Is there no change of death in paradise?
Does ripe fruit never fall? Or do the boughs
Hang always heavy in that perfect sky,
Unchanging, yet so like our perishing earth,
With rivers like our own that seek for seas
They never find, the same receding shores
That never touch with inarticulate pang?
Why set the pear upon those river-banks
Or spice the shores with odors of the plum?
Alas, that they should wear our colors there,
The silken weavings of our afternoons,
And pick the strings of our insipid lutes!
Death is the mother of beauty, mystical,
Within whose burning bosom we devise
Our earthly mothers waiting, sleeplessly. (Wallace Stevens, from Sunday Morning)
Why this confidence that technical ingenuity can drive through, over or around any obstacle? Even the dead end of death itself is seen by the more fanatic of the Techno-Utopian thinkers as a barrier that will somehow be conquered. Apparently they’ll be carried into the infinite limit of the Singularity on the backs of 72 virginity-regenerating sex robots.
But no cryogenic resurrection will refute Wallace Stevens’ poem Sunday Morning. Life is not mechanically self-replicating, but leaps from metaphor to metaphor. And every creative leap is a plunge into nothingness. The world shape-shifts, but these shifts in shape don’t promise continuance or progress. They imply discontinuities and death.
The desire for a deathless state (an unending Heaven of one sort or another) is an unintentional desire for lifelessness, for a static and inanimate repetitiveness. Some call this a death wish. But this is really a desire “to have never been born”, as Beckett said.
Or, as Krishnamurti said:
“You cannot live without dying. You cannot live if you do not die psychologically every minute. This is not an intellectual paradox. To live completely, wholly, every day as if it were a new loveliness, there must be dying to everything of yesterday, otherwise you live mechanically, and a mechanical mind can never know what love is or what freedom is”.
And this society is caught in a thousand mechanical monkey-traps, dead (lifeless) ends we refuse to face (whether it is the fossil fuel industry, or the war machine, or the political system, or this perpetual escape from my own trailing everyday worries). All based on a wish “to have never been born.”
But what really scares the hell out of this culture is not the threat of death, but the judgment of beauty and meaning. Hence, the love of irony, and the perpetual mockery of sincerity. To escape the fear of living and dying, death is dealt on a whim – or, rather lifelessness is created on a whim. But beauty and meaning are accusations that chill the bones of even automatons like Trump.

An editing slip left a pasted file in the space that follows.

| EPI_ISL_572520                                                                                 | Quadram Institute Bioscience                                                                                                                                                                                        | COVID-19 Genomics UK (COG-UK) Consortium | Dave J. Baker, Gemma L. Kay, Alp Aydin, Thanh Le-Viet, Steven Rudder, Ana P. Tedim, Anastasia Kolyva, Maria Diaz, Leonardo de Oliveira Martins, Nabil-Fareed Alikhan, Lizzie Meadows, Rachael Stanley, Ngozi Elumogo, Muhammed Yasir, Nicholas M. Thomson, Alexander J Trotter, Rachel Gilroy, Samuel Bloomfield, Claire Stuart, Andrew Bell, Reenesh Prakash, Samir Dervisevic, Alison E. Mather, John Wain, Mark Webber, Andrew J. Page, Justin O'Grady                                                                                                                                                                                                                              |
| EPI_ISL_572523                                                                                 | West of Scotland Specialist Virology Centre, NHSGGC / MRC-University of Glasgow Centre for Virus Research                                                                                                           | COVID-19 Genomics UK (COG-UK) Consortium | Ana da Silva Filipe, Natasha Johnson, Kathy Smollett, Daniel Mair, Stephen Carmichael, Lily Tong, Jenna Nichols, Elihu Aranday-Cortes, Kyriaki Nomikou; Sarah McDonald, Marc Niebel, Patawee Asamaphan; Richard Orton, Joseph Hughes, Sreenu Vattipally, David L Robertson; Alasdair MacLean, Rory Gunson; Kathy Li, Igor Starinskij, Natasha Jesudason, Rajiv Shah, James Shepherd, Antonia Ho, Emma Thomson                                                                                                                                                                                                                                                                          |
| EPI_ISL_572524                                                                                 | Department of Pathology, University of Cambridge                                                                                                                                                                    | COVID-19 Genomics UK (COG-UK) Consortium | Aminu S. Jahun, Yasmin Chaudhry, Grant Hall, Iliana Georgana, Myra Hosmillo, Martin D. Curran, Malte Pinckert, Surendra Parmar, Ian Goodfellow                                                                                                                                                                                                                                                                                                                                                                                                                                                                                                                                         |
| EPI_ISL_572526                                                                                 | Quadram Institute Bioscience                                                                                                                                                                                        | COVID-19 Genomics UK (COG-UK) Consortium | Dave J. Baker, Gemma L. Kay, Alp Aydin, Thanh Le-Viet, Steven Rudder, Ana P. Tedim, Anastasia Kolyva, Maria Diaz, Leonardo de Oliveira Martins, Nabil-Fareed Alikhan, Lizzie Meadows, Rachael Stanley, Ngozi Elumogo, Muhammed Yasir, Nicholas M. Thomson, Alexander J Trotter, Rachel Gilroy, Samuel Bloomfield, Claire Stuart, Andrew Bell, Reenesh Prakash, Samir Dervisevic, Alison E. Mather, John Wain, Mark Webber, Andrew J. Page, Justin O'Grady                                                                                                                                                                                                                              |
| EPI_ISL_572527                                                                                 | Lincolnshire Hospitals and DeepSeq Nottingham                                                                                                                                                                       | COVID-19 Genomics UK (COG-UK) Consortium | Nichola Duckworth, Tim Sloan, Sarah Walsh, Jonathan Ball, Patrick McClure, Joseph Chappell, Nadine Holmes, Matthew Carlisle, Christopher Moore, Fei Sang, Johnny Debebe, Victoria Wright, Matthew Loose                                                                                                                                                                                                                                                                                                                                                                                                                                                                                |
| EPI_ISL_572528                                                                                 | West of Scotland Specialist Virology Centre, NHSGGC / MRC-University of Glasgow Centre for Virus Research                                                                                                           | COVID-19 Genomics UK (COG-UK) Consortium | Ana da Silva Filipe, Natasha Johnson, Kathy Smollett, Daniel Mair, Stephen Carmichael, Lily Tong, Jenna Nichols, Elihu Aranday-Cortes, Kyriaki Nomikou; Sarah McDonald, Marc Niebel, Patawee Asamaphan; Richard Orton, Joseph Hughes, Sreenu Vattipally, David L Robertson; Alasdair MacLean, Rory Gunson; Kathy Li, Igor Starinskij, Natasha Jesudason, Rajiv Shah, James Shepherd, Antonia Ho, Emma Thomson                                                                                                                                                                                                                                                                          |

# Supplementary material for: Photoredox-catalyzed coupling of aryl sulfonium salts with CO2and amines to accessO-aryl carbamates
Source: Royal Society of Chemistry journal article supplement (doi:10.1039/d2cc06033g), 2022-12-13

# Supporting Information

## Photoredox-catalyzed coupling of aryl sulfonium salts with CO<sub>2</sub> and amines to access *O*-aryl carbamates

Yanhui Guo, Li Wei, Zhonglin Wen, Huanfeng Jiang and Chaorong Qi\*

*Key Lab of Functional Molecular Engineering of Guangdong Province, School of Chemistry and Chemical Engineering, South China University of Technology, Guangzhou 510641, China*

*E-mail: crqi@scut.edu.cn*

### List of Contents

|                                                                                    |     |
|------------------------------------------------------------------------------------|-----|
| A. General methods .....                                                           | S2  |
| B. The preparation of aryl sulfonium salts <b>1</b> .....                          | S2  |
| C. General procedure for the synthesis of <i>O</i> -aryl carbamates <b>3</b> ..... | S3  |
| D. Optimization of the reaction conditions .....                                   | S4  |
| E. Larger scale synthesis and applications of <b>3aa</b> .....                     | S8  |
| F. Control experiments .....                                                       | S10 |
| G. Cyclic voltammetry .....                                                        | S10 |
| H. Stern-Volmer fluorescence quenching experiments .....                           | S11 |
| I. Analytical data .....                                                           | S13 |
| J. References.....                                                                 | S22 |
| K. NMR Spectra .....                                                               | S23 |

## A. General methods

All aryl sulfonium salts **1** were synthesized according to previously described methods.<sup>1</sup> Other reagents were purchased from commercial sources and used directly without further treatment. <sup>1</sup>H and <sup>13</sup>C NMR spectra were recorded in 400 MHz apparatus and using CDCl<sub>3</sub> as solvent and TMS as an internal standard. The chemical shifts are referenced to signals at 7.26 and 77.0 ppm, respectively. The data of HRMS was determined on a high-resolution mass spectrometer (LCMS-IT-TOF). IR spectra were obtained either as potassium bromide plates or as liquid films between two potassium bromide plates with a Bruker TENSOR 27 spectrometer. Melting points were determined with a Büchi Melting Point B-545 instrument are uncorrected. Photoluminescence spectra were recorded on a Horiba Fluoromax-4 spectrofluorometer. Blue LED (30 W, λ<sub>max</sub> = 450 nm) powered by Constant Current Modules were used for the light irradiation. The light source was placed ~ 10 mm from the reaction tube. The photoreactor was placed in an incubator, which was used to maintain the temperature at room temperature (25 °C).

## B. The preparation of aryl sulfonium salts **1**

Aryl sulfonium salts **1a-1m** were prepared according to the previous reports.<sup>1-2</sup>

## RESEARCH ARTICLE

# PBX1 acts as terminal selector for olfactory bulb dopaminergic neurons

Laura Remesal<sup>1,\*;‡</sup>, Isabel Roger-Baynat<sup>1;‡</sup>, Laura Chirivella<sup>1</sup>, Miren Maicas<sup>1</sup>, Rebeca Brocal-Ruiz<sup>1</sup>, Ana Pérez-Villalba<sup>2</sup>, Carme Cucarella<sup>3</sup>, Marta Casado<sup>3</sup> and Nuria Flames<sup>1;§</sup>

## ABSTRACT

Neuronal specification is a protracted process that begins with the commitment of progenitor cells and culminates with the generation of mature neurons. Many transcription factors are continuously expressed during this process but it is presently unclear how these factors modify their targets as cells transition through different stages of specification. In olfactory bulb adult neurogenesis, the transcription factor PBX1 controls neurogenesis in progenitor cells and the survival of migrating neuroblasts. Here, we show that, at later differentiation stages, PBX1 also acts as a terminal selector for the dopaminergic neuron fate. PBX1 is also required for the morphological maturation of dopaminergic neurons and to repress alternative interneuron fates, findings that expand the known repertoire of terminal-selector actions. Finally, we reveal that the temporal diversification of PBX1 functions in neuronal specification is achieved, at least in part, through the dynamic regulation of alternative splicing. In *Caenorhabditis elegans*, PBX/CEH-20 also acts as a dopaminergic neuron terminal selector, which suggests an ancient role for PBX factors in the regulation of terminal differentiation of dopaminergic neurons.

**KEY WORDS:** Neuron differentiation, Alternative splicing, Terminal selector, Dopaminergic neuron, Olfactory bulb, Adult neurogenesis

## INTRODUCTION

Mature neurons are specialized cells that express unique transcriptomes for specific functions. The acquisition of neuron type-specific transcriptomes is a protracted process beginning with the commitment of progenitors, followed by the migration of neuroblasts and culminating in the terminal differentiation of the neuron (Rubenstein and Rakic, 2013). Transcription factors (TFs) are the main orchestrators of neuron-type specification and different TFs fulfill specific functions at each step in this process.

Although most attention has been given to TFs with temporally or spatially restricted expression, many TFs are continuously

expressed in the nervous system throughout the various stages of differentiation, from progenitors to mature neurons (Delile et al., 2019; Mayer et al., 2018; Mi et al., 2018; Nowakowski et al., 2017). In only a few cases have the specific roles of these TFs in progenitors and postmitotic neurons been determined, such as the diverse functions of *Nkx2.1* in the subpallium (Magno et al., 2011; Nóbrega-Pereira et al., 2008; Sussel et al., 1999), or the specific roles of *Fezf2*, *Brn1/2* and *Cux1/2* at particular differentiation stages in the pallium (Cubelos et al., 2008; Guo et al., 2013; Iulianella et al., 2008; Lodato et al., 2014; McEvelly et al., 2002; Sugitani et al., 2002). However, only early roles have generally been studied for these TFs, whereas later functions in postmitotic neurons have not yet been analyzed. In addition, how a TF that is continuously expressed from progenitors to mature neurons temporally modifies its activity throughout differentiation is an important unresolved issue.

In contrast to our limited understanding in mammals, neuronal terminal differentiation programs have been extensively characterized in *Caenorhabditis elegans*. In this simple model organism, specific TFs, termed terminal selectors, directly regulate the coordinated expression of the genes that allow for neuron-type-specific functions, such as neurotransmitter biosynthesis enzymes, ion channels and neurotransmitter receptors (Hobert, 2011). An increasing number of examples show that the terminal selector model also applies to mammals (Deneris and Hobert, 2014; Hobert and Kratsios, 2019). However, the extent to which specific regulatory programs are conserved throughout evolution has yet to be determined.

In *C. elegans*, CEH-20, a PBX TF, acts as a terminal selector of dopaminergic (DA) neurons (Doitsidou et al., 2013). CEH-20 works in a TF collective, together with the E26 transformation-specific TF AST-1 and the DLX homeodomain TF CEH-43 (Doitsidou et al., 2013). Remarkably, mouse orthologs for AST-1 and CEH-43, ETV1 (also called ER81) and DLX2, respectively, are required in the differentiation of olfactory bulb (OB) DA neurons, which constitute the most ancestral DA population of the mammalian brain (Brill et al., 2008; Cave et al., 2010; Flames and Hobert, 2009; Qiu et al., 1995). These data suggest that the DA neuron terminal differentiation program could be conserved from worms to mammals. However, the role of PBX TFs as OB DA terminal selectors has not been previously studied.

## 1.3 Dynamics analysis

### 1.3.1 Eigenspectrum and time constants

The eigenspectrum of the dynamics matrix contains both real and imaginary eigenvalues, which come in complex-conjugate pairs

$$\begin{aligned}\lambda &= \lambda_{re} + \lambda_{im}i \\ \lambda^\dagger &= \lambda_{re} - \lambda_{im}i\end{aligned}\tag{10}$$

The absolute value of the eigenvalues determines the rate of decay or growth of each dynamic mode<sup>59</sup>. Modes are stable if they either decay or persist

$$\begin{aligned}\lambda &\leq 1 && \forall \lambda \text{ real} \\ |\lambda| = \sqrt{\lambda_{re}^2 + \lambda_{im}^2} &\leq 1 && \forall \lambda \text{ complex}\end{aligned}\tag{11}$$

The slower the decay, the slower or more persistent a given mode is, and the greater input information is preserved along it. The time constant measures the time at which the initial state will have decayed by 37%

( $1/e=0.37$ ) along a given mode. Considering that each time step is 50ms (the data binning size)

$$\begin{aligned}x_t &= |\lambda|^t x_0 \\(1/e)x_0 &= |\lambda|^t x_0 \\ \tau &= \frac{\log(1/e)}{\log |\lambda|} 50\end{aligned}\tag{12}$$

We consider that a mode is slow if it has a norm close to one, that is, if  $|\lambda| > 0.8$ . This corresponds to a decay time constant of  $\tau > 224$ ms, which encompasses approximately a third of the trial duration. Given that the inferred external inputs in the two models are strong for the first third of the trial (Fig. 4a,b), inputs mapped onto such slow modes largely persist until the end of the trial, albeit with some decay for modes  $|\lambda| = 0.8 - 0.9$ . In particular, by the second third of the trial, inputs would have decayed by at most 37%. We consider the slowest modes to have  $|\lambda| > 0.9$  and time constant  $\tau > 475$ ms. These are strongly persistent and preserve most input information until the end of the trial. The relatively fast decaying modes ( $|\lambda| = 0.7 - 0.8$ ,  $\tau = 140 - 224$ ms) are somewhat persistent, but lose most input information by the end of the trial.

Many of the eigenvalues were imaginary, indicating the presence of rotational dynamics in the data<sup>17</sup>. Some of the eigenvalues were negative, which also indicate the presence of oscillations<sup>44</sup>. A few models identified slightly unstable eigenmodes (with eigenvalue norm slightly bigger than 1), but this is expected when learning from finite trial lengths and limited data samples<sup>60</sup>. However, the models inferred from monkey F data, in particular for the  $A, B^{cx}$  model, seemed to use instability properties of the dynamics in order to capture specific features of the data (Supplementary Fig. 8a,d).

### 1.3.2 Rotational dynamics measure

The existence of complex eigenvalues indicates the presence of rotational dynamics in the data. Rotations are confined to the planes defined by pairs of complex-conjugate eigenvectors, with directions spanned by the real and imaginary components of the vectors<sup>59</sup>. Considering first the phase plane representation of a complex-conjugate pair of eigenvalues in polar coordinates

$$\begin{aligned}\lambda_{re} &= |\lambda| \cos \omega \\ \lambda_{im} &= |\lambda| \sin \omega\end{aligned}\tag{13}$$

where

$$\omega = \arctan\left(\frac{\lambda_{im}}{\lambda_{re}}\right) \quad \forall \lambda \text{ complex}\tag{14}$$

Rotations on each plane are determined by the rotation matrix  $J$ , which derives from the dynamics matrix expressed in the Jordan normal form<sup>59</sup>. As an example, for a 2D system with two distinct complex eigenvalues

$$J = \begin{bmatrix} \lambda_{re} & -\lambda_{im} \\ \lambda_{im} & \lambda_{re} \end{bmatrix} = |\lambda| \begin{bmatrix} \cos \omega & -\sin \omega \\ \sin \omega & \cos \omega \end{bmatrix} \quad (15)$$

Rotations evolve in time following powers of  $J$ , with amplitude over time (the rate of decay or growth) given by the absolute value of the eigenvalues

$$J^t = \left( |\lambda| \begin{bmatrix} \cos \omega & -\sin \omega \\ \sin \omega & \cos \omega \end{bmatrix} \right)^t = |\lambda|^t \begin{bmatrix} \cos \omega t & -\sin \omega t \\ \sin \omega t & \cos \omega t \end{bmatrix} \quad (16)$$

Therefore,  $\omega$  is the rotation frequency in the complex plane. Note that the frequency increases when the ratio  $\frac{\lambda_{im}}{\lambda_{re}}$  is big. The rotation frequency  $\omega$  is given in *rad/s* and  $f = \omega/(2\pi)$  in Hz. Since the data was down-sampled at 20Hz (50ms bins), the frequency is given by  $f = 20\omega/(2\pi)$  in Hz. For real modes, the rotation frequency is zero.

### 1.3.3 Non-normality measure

Especially now, especially at the end. Beauty and meaning expose the enormity of the crime. A limp, inanimate corpse can’t do this. The culture feels more or less at home among inanimate corpses, which is why it craves the company of machines. And it’s too easy to imagine that the last elephant or the last whale will be treated heinously by a culture too cowardly to look into their dying eyes.
For even if I can’t hear the deep bass of the elephant and the whale echoing across the ocean or Savannah, I’ll hear their silence. And then I’ll know the real meaning of alienation and loneliness, guilt and sorrow. Or as Richard Wilbur wrote in “Advice to a Prophet”:
… What should we be without
The dolphin’s arc, the dove’s return,
These things in which we have seen ourselves and spoken?
Ask us, prophet, how we shall call
Our natures forth when that live tongue is all
Dispelled, that glass obscured or broken
In which we have said the rose of our love and the clean
Horse of our courage, in which beheld
The singing locust of the soul unshelled,
And all we mean or wish to mean.
Ask us, ask us whether with the worldless rose
Our hearts shall fail us; come demanding
Whether there shall be lofty or long standing
When the bronze annals of the oak-tree close.
This prophetic advice was not heard, and it’s surely too late. But do I leave this world as a mechanical being, pushed and pulled by automatic impulses of fight and flight, dreaming only of a merger with technology, the heartless new god? Do I play virtual games while the Amazon burns? Or do I turn even at this late date, when all hope is lost, and do the right thing for no good reason, maybe as a belated confession of love? Do I dare not only look into the heart of darkness, and finally face what is monstrous in me, but do I dare face what is beautiful?